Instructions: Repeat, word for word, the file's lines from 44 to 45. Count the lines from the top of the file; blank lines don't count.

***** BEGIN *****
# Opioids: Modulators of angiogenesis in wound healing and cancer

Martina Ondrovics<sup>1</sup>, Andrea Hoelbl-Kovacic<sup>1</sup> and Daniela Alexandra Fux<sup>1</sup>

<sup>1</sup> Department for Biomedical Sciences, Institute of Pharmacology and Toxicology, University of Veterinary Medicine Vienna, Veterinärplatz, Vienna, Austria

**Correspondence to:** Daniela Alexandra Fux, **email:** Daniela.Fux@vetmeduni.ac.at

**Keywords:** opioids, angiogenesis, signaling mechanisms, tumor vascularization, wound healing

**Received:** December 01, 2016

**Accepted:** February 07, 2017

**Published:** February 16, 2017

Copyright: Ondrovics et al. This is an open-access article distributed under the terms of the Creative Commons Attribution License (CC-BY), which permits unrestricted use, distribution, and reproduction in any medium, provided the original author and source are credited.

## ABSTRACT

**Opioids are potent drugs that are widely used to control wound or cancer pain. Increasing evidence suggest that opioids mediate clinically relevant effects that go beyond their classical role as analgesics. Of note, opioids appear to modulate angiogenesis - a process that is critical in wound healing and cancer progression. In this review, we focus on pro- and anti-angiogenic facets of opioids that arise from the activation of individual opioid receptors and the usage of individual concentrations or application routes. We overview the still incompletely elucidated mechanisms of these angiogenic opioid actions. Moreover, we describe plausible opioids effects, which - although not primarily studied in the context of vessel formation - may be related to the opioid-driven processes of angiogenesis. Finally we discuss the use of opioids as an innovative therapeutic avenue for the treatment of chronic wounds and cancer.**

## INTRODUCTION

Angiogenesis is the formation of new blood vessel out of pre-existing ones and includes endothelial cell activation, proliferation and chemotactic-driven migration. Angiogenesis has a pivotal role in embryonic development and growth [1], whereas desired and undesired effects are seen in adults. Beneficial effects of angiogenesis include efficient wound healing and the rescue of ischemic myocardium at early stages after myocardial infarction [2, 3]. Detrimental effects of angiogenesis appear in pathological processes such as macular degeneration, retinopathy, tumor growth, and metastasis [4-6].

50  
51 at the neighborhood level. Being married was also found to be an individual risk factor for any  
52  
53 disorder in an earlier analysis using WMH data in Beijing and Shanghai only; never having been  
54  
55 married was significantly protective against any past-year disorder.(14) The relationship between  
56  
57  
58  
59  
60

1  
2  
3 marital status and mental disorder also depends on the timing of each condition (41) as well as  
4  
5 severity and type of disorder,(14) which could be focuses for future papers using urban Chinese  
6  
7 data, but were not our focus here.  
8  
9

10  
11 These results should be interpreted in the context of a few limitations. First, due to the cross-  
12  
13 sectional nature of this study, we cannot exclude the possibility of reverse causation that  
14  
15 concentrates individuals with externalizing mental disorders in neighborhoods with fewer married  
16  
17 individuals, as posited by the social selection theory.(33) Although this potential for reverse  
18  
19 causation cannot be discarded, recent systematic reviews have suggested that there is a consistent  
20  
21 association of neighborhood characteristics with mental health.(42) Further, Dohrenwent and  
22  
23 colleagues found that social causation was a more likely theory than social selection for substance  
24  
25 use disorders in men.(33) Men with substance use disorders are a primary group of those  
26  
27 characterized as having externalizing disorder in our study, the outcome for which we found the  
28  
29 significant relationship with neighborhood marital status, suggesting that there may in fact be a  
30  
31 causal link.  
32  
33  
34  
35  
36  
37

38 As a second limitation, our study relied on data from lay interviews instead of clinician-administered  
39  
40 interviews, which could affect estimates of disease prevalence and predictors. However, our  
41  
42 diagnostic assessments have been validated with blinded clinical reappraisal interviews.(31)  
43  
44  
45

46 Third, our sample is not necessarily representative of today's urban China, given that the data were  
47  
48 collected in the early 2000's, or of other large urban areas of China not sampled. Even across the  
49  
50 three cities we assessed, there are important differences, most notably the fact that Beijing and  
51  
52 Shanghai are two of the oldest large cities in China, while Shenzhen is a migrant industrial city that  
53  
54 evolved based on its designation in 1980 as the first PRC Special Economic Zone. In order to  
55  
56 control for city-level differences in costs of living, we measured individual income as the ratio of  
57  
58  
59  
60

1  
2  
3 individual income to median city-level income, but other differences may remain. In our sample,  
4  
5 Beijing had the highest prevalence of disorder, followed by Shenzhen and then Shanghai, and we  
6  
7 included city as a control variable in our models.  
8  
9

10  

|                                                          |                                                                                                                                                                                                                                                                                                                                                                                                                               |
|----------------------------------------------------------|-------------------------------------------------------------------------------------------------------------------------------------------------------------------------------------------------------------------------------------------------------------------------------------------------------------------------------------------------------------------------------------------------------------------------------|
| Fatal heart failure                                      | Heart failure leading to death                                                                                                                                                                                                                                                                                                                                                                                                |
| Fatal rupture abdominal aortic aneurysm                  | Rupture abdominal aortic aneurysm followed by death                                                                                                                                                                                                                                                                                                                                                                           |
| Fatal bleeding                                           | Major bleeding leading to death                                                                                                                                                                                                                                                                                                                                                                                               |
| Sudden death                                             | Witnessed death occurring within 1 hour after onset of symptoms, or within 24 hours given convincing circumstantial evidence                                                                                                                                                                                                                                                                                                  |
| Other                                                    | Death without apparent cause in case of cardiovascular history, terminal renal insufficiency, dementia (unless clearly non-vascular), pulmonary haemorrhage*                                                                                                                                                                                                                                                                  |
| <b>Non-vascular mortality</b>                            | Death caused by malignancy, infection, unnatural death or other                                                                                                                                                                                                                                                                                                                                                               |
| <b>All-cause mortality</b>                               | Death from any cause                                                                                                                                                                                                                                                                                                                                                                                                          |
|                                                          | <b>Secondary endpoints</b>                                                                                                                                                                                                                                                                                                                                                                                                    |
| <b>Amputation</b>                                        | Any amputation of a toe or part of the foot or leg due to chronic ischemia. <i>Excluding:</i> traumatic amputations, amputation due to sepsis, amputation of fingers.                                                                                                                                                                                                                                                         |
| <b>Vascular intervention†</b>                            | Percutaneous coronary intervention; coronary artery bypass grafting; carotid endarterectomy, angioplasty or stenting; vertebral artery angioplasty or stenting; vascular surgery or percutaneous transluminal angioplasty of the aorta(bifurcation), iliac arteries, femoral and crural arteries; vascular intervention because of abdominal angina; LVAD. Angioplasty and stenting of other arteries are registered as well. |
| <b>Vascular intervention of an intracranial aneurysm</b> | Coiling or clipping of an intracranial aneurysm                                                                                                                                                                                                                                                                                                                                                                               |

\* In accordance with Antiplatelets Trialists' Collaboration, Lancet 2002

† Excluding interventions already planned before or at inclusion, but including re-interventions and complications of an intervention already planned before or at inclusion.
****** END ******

20  
21 association of neighborhood characteristics with mental health.(42) Further, Dohrenwent and  